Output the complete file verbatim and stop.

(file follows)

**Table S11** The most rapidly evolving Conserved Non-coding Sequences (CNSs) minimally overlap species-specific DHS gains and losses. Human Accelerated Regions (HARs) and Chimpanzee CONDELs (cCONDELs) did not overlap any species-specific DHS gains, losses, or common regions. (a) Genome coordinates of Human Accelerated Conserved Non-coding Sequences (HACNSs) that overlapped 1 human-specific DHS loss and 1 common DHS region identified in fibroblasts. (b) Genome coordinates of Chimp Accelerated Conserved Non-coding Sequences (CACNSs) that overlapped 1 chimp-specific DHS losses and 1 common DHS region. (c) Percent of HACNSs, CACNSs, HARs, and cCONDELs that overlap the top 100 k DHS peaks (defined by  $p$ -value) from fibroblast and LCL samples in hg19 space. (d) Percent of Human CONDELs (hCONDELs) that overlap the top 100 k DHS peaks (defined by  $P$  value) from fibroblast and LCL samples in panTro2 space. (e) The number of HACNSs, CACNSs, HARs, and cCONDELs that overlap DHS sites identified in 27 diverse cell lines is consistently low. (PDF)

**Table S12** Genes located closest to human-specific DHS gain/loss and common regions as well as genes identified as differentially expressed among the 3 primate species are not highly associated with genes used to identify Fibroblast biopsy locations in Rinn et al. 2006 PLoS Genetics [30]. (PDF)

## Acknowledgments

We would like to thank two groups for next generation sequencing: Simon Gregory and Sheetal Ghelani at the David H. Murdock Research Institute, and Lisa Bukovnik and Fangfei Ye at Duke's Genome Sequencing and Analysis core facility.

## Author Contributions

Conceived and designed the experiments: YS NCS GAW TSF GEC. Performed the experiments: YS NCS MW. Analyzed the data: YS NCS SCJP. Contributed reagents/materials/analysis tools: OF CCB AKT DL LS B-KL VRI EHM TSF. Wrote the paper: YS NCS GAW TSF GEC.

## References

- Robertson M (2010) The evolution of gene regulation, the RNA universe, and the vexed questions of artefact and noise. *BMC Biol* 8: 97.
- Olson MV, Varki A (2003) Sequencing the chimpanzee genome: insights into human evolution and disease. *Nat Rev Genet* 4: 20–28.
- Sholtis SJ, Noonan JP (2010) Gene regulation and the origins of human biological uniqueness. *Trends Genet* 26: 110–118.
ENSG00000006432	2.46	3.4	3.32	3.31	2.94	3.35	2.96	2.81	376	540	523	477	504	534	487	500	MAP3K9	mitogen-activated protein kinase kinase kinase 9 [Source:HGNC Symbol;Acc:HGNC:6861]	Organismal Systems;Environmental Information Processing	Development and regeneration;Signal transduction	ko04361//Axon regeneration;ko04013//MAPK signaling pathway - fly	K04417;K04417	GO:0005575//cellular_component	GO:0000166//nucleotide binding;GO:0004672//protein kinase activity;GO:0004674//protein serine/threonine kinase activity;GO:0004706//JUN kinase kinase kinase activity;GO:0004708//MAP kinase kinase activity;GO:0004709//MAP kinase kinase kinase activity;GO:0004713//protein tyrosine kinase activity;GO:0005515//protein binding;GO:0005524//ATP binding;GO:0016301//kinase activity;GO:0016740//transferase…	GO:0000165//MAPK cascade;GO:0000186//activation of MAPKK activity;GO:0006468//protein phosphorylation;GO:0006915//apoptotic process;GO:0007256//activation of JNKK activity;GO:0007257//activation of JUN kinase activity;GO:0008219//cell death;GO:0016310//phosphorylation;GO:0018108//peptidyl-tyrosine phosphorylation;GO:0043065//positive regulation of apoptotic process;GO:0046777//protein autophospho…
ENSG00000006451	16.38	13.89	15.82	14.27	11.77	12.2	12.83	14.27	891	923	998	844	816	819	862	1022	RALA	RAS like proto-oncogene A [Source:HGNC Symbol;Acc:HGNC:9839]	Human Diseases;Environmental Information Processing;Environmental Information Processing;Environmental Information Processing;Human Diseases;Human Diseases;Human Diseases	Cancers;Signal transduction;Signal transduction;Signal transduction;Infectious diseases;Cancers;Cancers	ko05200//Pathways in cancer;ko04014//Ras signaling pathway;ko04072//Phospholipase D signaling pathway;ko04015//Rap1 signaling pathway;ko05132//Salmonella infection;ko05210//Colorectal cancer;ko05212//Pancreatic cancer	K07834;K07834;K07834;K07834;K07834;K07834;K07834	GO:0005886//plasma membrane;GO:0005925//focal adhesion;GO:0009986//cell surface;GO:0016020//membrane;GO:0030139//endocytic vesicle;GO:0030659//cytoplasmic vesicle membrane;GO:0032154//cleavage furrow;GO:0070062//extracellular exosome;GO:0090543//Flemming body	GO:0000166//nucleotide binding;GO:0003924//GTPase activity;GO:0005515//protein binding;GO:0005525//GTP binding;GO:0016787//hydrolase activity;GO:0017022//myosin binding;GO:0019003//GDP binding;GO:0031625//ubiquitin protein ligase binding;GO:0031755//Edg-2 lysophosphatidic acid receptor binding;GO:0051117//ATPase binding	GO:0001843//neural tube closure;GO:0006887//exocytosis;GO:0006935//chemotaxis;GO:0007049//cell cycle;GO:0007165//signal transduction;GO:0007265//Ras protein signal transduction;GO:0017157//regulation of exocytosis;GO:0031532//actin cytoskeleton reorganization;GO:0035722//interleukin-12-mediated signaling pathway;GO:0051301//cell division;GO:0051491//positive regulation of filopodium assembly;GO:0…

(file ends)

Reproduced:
**Table S11** The most rapidly evolving Conserved Non-coding Sequences (CNSs) minimally overlap species-specific DHS gains and losses. Human Accelerated Regions (HARs) and Chimpanzee CONDELs (cCONDELs) did not overlap any species-specific DHS gains, losses, or common regions. (a) Genome coordinates of Human Accelerated Conserved Non-coding Sequences (HACNSs) that overlapped 1 human-specific DHS loss and 1 common DHS region identified in fibroblasts. (b) Genome coordinates of Chimp Accelerated Conserved Non-coding Sequences (CACNSs) that overlapped 1 chimp-specific DHS losses and 1 common DHS region. (c) Percent of HACNSs, CACNSs, HARs, and cCONDELs that overlap the top 100 k DHS peaks (defined by  $p$ -value) from fibroblast and LCL samples in hg19 space. (d) Percent of Human CONDELs (hCONDELs) that overlap the top 100 k DHS peaks (defined by  $P$  value) from fibroblast and LCL samples in panTro2 space. (e) The number of HACNSs, CACNSs, HARs, and cCONDELs that overlap DHS sites identified in 27 diverse cell lines is consistently low. (PDF)

**Table S12** Genes located closest to human-specific DHS gain/loss and common regions as well as genes identified as differentially expressed among the 3 primate species are not highly associated with genes used to identify Fibroblast biopsy locations in Rinn et al. 2006 PLoS Genetics [30]. (PDF)

## Acknowledgments

We would like to thank two groups for next generation sequencing: Simon Gregory and Sheetal Ghelani at the David H. Murdock Research Institute, and Lisa Bukovnik and Fangfei Ye at Duke's Genome Sequencing and Analysis core facility.

## Author Contributions

Conceived and designed the experiments: YS NCS GAW TSF GEC. Performed the experiments: YS NCS MW. Analyzed the data: YS NCS SCJP. Contributed reagents/materials/analysis tools: OF CCB AKT DL LS B-KL VRI EHM TSF. Wrote the paper: YS NCS GAW TSF GEC.

## References

- Robertson M (2010) The evolution of gene regulation, the RNA universe, and the vexed questions of artefact and noise. *BMC Biol* 8: 97.
- Olson MV, Varki A (2003) Sequencing the chimpanzee genome: insights into human evolution and disease. *Nat Rev Genet* 4: 20–28.
- Sholtis SJ, Noonan JP (2010) Gene regulation and the origins of human biological uniqueness. *Trends Genet* 26: 110–118.
ENSG00000006432	2.46	3.4	3.32	3.31	2.94	3.35	2.96	2.81	376	540	523	477	504	534	487	500	MAP3K9	mitogen-activated protein kinase kinase kinase 9 [Source:HGNC Symbol;Acc:HGNC:6861]	Organismal Systems;Environmental Information Processing	Development and regeneration;Signal transduction	ko04361//Axon regeneration;ko04013//MAPK signaling pathway - fly	K04417;K04417	GO:0005575//cellular_component	GO:0000166//nucleotide binding;GO:0004672//protein kinase activity;GO:0004674//protein serine/threonine kinase activity;GO:0004706//JUN kinase kinase kinase activity;GO:0004708//MAP kinase kinase activity;GO:0004709//MAP kinase kinase kinase activity;GO:0004713//protein tyrosine kinase activity;GO:0005515//protein binding;GO:0005524//ATP binding;GO:0016301//kinase activity;GO:0016740//transferase…	GO:0000165//MAPK cascade;GO:0000186//activation of MAPKK activity;GO:0006468//protein phosphorylation;GO:0006915//apoptotic process;GO:0007256//activation of JNKK activity;GO:0007257//activation of JUN kinase activity;GO:0008219//cell death;GO:0016310//phosphorylation;GO:0018108//peptidyl-tyrosine phosphorylation;GO:0043065//positive regulation of apoptotic process;GO:0046777//protein autophospho…
ENSG00000006451	16.38	13.89	15.82	14.27	11.77	12.2	12.83	14.27	891	923	998	844	816	819	862	1022	RALA	RAS like proto-oncogene A [Source:HGNC Symbol;Acc:HGNC:9839]	Human Diseases;Environmental Information Processing;Environmental Information Processing;Environmental Information Processing;Human Diseases;Human Diseases;Human Diseases	Cancers;Signal transduction;Signal transduction;Signal transduction;Infectious diseases;Cancers;Cancers	ko05200//Pathways in cancer;ko04014//Ras signaling pathway;ko04072//Phospholipase D signaling pathway;ko04015//Rap1 signaling pathway;ko05132//Salmonella infection;ko05210//Colorectal cancer;ko05212//Pancreatic cancer	K07834;K07834;K07834;K07834;K07834;K07834;K07834	GO:0005886//plasma membrane;GO:0005925//focal adhesion;GO:0009986//cell surface;GO:0016020//membrane;GO:0030139//endocytic vesicle;GO:0030659//cytoplasmic vesicle membrane;GO:0032154//cleavage furrow;GO:0070062//extracellular exosome;GO:0090543//Flemming body	GO:0000166//nucleotide binding;GO:0003924//GTPase activity;GO:0005515//protein binding;GO:0005525//GTP binding;GO:0016787//hydrolase activity;GO:0017022//myosin binding;GO:0019003//GDP binding;GO:0031625//ubiquitin protein ligase binding;GO:0031755//Edg-2 lysophosphatidic acid receptor binding;GO:0051117//ATPase binding	GO:0001843//neural tube closure;GO:0006887//exocytosis;GO:0006935//chemotaxis;GO:0007049//cell cycle;GO:0007165//signal transduction;GO:0007265//Ras protein signal transduction;GO:0017157//regulation of exocytosis;GO:0031532//actin cytoskeleton reorganization;GO:0035722//interleukin-12-mediated signaling pathway;GO:0051301//cell division;GO:0051491//positive regulation of filopodium assembly;GO:0…